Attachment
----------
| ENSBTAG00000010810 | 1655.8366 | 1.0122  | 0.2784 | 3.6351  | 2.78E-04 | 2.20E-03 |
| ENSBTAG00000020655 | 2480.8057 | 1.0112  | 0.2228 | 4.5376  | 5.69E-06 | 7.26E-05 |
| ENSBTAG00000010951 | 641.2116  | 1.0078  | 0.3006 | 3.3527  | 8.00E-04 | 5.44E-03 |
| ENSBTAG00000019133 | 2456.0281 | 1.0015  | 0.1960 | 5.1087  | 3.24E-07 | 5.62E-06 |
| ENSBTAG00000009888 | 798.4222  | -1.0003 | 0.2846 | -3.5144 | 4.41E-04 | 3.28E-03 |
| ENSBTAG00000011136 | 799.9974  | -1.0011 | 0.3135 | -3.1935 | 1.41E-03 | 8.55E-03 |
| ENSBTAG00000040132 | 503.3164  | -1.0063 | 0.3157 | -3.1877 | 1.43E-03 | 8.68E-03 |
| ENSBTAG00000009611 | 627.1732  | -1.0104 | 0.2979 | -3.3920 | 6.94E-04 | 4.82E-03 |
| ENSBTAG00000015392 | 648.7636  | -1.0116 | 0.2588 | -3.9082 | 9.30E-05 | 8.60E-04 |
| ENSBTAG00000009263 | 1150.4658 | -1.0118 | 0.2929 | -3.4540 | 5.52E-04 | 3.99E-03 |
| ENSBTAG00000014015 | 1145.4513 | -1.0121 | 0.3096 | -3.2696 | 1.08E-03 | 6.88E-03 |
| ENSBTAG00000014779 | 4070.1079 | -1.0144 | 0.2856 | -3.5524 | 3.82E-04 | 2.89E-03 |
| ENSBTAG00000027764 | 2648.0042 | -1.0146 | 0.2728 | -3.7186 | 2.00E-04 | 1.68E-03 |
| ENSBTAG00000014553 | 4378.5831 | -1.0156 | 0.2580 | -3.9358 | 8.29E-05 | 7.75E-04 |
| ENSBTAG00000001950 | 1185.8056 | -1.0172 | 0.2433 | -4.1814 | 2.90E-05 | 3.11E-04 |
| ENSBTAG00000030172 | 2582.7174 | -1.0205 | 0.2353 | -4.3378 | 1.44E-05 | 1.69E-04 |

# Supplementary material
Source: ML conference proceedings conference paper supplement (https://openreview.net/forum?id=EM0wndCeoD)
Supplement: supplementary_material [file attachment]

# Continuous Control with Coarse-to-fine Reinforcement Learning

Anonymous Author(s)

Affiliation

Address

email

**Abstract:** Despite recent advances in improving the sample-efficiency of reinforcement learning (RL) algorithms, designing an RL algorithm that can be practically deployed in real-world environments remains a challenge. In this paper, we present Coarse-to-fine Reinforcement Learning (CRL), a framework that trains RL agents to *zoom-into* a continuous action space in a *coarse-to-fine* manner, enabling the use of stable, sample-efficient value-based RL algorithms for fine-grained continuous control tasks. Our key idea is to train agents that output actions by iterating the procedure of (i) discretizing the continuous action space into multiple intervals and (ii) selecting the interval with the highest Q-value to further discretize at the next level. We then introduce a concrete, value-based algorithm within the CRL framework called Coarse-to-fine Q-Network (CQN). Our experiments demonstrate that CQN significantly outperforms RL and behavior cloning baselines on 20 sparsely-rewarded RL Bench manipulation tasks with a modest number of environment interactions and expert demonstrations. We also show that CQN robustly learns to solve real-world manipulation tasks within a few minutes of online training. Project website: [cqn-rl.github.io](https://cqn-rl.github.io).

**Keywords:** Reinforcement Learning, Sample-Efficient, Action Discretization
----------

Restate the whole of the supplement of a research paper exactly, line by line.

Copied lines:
| ENSBTAG00000010810 | 1655.8366 | 1.0122  | 0.2784 | 3.6351  | 2.78E-04 | 2.20E-03 |
| ENSBTAG00000020655 | 2480.8057 | 1.0112  | 0.2228 | 4.5376  | 5.69E-06 | 7.26E-05 |
| ENSBTAG00000010951 | 641.2116  | 1.0078  | 0.3006 | 3.3527  | 8.00E-04 | 5.44E-03 |
| ENSBTAG00000019133 | 2456.0281 | 1.0015  | 0.1960 | 5.1087  | 3.24E-07 | 5.62E-06 |
| ENSBTAG00000009888 | 798.4222  | -1.0003 | 0.2846 | -3.5144 | 4.41E-04 | 3.28E-03 |
| ENSBTAG00000011136 | 799.9974  | -1.0011 | 0.3135 | -3.1935 | 1.41E-03 | 8.55E-03 |
| ENSBTAG00000040132 | 503.3164  | -1.0063 | 0.3157 | -3.1877 | 1.43E-03 | 8.68E-03 |
| ENSBTAG00000009611 | 627.1732  | -1.0104 | 0.2979 | -3.3920 | 6.94E-04 | 4.82E-03 |
| ENSBTAG00000015392 | 648.7636  | -1.0116 | 0.2588 | -3.9082 | 9.30E-05 | 8.60E-04 |
| ENSBTAG00000009263 | 1150.4658 | -1.0118 | 0.2929 | -3.4540 | 5.52E-04 | 3.99E-03 |
| ENSBTAG00000014015 | 1145.4513 | -1.0121 | 0.3096 | -3.2696 | 1.08E-03 | 6.88E-03 |
| ENSBTAG00000014779 | 4070.1079 | -1.0144 | 0.2856 | -3.5524 | 3.82E-04 | 2.89E-03 |
| ENSBTAG00000027764 | 2648.0042 | -1.0146 | 0.2728 | -3.7186 | 2.00E-04 | 1.68E-03 |
| ENSBTAG00000014553 | 4378.5831 | -1.0156 | 0.2580 | -3.9358 | 8.29E-05 | 7.75E-04 |
| ENSBTAG00000001950 | 1185.8056 | -1.0172 | 0.2433 | -4.1814 | 2.90E-05 | 3.11E-04 |
| ENSBTAG00000030172 | 2582.7174 | -1.0205 | 0.2353 | -4.3378 | 1.44E-05 | 1.69E-04 |

# Supplementary material
Source: ML conference proceedings conference paper supplement (https://openreview.net/forum?id=EM0wndCeoD)
Supplement: supplementary_material [file attachment]

# Continuous Control with Coarse-to-fine Reinforcement Learning

Anonymous Author(s)

Affiliation

Address

email

**Abstract:** Despite recent advances in improving the sample-efficiency of reinforcement learning (RL) algorithms, designing an RL algorithm that can be practically deployed in real-world environments remains a challenge. In this paper, we present Coarse-to-fine Reinforcement Learning (CRL), a framework that trains RL agents to *zoom-into* a continuous action space in a *coarse-to-fine* manner, enabling the use of stable, sample-efficient value-based RL algorithms for fine-grained continuous control tasks. Our key idea is to train agents that output actions by iterating the procedure of (i) discretizing the continuous action space into multiple intervals and (ii) selecting the interval with the highest Q-value to further discretize at the next level. We then introduce a concrete, value-based algorithm within the CRL framework called Coarse-to-fine Q-Network (CQN). Our experiments demonstrate that CQN significantly outperforms RL and behavior cloning baselines on 20 sparsely-rewarded RL Bench manipulation tasks with a modest number of environment interactions and expert demonstrations. We also show that CQN robustly learns to solve real-world manipulation tasks within a few minutes of online training. Project website: [cqn-rl.github.io](https://cqn-rl.github.io).

**Keywords:** Reinforcement Learning, Sample-Efficient, Action Discretization